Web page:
What are the results if I do not spend my figuratively speaking

What are the results if I do not spend my figuratively speaking

Since my April education loan repayment to the U.S. Department of Education had been prepared, we now have actually about $15,575 staying to my balance for Denver’s Regis University, from where we graduated last year. Earlier on, I took out a few forbearances as I paid back much of my debt mountain.

This means that, i am aware exactly what it is like to feel the strain of pupil financial obligation. But difficulty and costliness are maybe not adequate to justify forcing taxpayers to spend my bills for me personally, or anyone else’s.

Presidential contender and Sen. Elizabeth Warren’s brand new, “transformational” proposition for “universal free public university and termination of education loan financial obligation” was presented in a moderate post. Her Magic scholar Loan Debt Eraser is really a utopian dream, together with incorrect “solution” to a problem that is legitimate.

Where Warren Really Gets It Right

At $1.5 trillion and skyrocketing almost 450 per cent within the past 15 years (from $345 billion in 2004), education loan financial obligation has already reached “crisis levels. ” In 2018, the Brookings organization discovered that “nearly 40% of borrowers may default to their student education loans by 2023. ”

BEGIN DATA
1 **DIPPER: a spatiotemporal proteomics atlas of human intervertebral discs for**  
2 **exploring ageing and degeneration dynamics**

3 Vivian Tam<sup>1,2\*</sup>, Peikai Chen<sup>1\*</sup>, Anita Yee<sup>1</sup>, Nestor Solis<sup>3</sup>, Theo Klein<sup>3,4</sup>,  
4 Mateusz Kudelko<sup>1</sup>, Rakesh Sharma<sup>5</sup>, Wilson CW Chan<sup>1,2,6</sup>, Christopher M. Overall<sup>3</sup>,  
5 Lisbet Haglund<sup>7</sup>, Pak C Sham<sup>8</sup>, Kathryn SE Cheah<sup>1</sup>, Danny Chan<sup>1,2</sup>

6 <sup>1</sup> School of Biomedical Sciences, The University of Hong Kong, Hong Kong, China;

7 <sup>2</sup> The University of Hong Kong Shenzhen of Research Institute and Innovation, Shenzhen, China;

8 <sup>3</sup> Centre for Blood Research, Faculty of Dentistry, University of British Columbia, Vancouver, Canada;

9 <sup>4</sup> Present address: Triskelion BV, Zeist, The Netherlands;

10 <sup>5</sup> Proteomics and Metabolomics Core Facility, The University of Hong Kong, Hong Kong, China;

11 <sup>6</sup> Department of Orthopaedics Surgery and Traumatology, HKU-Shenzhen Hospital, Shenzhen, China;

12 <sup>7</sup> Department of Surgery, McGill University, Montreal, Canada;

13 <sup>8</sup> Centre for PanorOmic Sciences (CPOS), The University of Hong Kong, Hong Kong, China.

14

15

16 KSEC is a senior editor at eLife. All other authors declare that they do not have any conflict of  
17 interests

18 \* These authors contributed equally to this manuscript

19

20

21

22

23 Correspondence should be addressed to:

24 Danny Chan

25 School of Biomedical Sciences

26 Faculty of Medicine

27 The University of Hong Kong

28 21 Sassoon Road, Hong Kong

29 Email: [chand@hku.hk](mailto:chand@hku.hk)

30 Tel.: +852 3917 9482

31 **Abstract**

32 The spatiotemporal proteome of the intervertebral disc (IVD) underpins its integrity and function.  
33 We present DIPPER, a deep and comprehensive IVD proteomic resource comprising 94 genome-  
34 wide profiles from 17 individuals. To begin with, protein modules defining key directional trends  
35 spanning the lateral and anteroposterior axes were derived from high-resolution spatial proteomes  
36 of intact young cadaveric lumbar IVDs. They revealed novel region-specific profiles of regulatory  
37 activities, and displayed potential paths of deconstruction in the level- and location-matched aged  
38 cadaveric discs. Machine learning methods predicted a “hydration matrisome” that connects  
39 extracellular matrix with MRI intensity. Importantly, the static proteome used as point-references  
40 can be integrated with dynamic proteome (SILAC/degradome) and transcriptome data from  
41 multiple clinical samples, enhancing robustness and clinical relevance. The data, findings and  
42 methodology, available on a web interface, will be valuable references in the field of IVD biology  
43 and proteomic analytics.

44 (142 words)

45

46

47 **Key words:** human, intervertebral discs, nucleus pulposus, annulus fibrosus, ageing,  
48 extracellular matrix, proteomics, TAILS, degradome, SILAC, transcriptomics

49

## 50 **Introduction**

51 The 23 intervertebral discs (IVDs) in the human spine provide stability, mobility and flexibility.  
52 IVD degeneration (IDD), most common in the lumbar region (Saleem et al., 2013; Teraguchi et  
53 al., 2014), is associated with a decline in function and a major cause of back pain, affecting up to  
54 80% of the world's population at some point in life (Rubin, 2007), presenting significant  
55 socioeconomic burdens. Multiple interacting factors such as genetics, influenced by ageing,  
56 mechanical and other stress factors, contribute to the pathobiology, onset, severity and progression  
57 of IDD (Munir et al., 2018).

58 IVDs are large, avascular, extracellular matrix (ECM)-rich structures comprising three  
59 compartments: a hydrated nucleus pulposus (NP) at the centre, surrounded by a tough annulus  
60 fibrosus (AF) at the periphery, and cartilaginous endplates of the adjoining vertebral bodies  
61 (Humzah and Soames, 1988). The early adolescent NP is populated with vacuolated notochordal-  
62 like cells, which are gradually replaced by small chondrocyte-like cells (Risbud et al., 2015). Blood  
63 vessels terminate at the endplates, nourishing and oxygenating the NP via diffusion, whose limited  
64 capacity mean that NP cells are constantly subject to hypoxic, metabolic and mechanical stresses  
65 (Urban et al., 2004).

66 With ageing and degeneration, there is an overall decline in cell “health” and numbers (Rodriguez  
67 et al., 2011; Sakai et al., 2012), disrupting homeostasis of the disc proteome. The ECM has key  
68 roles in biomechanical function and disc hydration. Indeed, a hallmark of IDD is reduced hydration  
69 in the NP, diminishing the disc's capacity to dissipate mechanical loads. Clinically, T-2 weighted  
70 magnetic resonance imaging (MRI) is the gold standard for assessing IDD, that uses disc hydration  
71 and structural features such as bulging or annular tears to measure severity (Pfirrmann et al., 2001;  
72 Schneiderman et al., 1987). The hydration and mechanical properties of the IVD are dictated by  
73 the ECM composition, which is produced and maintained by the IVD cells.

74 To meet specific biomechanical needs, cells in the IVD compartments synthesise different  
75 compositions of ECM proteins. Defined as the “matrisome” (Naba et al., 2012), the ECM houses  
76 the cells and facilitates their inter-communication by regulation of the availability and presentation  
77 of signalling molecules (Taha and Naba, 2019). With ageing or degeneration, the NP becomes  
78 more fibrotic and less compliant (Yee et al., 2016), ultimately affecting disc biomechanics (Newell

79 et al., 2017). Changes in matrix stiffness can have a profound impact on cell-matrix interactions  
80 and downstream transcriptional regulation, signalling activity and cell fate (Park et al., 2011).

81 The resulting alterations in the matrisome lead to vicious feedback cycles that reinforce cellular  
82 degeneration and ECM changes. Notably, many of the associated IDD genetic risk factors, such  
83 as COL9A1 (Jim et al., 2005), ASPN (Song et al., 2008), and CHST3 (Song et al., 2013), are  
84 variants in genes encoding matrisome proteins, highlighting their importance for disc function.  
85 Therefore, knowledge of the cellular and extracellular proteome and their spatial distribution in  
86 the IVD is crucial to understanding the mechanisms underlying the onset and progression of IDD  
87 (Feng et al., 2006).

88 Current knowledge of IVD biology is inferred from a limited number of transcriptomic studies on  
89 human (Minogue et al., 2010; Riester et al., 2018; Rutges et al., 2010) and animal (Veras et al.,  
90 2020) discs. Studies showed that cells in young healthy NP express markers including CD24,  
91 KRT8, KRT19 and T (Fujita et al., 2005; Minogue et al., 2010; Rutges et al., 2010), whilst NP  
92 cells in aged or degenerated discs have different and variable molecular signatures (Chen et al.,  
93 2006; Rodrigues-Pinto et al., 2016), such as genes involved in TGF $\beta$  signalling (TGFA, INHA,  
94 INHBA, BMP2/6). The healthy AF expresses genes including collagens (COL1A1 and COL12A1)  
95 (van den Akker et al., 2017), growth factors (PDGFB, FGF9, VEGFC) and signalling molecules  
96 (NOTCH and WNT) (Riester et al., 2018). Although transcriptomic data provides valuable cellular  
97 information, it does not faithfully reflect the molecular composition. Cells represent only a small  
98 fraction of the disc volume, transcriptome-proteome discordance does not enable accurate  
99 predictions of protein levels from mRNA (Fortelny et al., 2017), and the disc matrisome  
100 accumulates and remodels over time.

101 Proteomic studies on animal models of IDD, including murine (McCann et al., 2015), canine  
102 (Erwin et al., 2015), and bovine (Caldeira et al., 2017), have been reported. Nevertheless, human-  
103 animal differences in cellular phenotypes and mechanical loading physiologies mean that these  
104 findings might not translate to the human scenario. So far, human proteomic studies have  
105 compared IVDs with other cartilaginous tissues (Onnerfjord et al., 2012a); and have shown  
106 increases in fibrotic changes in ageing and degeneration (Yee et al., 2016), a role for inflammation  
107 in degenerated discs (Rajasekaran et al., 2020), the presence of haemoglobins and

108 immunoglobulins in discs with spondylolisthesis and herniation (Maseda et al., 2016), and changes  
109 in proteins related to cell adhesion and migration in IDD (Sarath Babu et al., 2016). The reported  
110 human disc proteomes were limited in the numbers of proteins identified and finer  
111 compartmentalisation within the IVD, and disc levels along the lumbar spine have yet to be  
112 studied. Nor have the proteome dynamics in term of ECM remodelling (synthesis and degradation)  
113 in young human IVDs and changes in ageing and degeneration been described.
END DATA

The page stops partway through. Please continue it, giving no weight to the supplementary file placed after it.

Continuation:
Warren precisely notes that extortionate pupil debt contributes to reduce house ownership rates, slowing business that is small and increasing dropouts. She’s right that federal policies have actually “pushed families that can’t afford to spend the outrageous expenses of advanced schooling towards taking right out loans. ”

Impoverished and minority communities are profoundly hurt by the present system. For instance, as Dr. Richard Vedder place it, “In 1970 the bottom quartile of families by earnings taken into account 12 percent of total bachelor’s levels received by age 24, but those grouped families only taken into account 9.4 % this year. ”

Where Warren goes wrong is in misidentifying the source causes and just how to stem the crisis. Its origin is not a deep failing to “treat advanced schooling like our school that is public system–free available to all. ” It’s because of the unsuccessful government-designed system.

We Found Myself In This Wreak Havoc On Government Payouts